Honey in the Horn is a 1935 debut novel by Harold L. Davis. The novel received the Harper Prize for best first novel of 1935 and won the Pulitzer Prize for the Novel in 1936. The title of the book is from a line in a square dancing tune, and is only found in the book in the author's introductory overleaf.
Honey in the Horn is a novel about life in the homesteading days of Oregon, 1906-1908. It is about the coming of age of an orphan boy named Clay Calvert, but it is also about the trials of the pioneers who came to Oregon following the American Dream. Through the characters that Clay meets along the way, the author introduces the readers to the various occupations of the settlers of that era.
In the opening section of the story, Clay Calvert is a hand on the sheep ranch of Preston Shiveley, his stepfather's father. Without really intending to, Clay helps his stepbrother, Wade Shiveley, escape from jail, and becomes a fugitive himself. He and a Tunne Indian boy flee into the wilderness where Clay joins up with a horse-trader who has a beautiful young daughter, Luce.
In the second section of the story, Clay and Luce are married and living in the sparsely populated coastal regions. There they meet with a group of settlers who are planning a trip to eastern Oregon where they can put down stakes. On the trip east, they meet again with Wade Shiveley, who is accusing Clay of stealing his horse. Wade Shiveley is eventually hanged for a crime he did not commit, and Clay is free to move on. Shortly after, Luce falls ill and Clay goes for help. When he returns Luce is gone, apparently with her father.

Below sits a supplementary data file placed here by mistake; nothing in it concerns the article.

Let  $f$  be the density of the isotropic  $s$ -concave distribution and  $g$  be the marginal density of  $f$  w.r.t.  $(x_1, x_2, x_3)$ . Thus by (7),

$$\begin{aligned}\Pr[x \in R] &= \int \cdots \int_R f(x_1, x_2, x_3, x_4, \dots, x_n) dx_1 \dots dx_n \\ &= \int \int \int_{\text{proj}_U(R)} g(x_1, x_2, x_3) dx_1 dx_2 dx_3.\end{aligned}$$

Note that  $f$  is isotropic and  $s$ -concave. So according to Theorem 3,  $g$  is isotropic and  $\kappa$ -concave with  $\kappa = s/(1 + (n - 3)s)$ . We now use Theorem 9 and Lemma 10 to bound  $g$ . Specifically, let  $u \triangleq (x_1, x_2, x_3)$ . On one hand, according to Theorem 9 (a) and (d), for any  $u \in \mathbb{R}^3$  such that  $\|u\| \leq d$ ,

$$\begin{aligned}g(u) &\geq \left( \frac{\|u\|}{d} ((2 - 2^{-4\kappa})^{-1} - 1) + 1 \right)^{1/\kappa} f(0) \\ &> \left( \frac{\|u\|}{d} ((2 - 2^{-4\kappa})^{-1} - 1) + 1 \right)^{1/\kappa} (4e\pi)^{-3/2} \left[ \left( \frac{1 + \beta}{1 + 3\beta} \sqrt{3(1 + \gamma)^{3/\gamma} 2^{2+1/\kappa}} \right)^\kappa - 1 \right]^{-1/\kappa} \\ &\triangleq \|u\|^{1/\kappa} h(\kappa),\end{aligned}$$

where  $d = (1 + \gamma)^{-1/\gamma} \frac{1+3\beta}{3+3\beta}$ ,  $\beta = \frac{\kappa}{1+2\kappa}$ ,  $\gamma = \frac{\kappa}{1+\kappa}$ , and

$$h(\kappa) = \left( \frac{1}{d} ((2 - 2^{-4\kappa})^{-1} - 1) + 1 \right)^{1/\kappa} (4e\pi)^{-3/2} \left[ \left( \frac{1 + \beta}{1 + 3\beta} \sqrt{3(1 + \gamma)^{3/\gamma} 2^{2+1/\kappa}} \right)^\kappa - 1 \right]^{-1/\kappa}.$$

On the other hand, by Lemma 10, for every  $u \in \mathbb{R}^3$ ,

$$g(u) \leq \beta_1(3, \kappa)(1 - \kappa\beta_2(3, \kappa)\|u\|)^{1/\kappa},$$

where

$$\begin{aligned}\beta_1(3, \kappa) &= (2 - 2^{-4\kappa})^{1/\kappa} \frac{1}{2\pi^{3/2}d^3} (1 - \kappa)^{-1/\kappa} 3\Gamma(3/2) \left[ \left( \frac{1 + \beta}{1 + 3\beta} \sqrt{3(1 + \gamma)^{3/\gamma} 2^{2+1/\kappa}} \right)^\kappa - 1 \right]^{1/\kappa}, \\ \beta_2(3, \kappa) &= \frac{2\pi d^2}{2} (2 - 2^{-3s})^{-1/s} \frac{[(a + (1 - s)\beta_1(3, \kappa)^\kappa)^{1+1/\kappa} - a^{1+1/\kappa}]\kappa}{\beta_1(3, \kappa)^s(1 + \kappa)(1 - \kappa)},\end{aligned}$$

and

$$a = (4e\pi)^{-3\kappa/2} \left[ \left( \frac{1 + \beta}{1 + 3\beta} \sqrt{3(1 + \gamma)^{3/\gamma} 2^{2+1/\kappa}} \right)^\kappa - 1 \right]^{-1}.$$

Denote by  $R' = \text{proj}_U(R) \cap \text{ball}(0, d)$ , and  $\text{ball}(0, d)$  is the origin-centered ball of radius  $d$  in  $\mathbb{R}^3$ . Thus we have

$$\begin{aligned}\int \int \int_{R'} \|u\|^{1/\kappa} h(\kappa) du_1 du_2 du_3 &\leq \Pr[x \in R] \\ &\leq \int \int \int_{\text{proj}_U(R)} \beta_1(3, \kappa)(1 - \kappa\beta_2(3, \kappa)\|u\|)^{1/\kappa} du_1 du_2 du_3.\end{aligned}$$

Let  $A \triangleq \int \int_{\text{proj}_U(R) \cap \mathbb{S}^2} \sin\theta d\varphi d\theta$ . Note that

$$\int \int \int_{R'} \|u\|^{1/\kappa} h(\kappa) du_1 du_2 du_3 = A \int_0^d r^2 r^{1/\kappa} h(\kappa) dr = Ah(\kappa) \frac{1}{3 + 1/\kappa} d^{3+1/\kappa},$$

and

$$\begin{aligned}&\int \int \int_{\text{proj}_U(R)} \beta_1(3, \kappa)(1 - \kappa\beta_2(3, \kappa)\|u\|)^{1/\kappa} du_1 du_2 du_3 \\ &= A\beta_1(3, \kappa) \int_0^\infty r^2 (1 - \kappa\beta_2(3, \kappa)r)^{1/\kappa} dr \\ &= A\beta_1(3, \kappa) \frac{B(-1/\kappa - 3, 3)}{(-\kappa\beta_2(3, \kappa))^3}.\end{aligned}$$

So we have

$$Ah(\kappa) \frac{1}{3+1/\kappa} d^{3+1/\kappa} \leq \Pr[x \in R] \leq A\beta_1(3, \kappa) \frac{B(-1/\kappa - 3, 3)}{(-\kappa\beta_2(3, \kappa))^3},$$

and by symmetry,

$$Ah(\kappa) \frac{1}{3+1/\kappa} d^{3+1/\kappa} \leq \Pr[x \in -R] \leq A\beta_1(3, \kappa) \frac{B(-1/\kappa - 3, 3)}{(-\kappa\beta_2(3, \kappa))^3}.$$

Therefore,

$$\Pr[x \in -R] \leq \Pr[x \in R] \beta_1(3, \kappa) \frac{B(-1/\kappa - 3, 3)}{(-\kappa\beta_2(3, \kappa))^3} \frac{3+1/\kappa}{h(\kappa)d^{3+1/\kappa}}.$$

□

In the final section of the story, Clay decides not to pursue Luce, but follows the wheat harvest, and eventually ends up as a hand on a scow on the Columbia River. Clay goes back to the Eastern plains to harvest grass for hay where he once again meets the Tunne Indian boy. He later discovers the Indian boy dead and suspects that he was killed by Luce's father. He decides then to rejoin the settlers who had moved from the Coast and stays with them until a harsh winter drives them off of their homesteads. On the way back west Clay once again unites with Luce.
- Clay Calvert - a boy of 16 whose mother married Wade Shiveley, then died. Clay is then adopted by Wade's father, Uncle Preston.
- Luce - a young girl who is living a gypsy life with her father, a horse trader, and stepmother.
- Wade Shiveley - one of two sons of Preston Shiveley, who kills his own brother in a fight over a squaw and is put in jail. Clay's role in slipping Wade a gun sent from "Uncle Preston" is what sets off the action of the novel.
- Luce's father - a horse trader and notorious gambler
- Uncle Preston Shiveley - the eccentric father of Wade, sheep rancher, and toll-bridge owner who takes Clay in
- Tunne Indian boy - who is also a ward of Uncle Preston and helps Clay escape in to the wilderness
- Clark Burdon - a disfigured and retired gun for hire who was one of the leaders of the caravan west and took a liking to Clay and Luce
- Captain Waller - who owned a scow that ferried cordwood up and down the Columbia River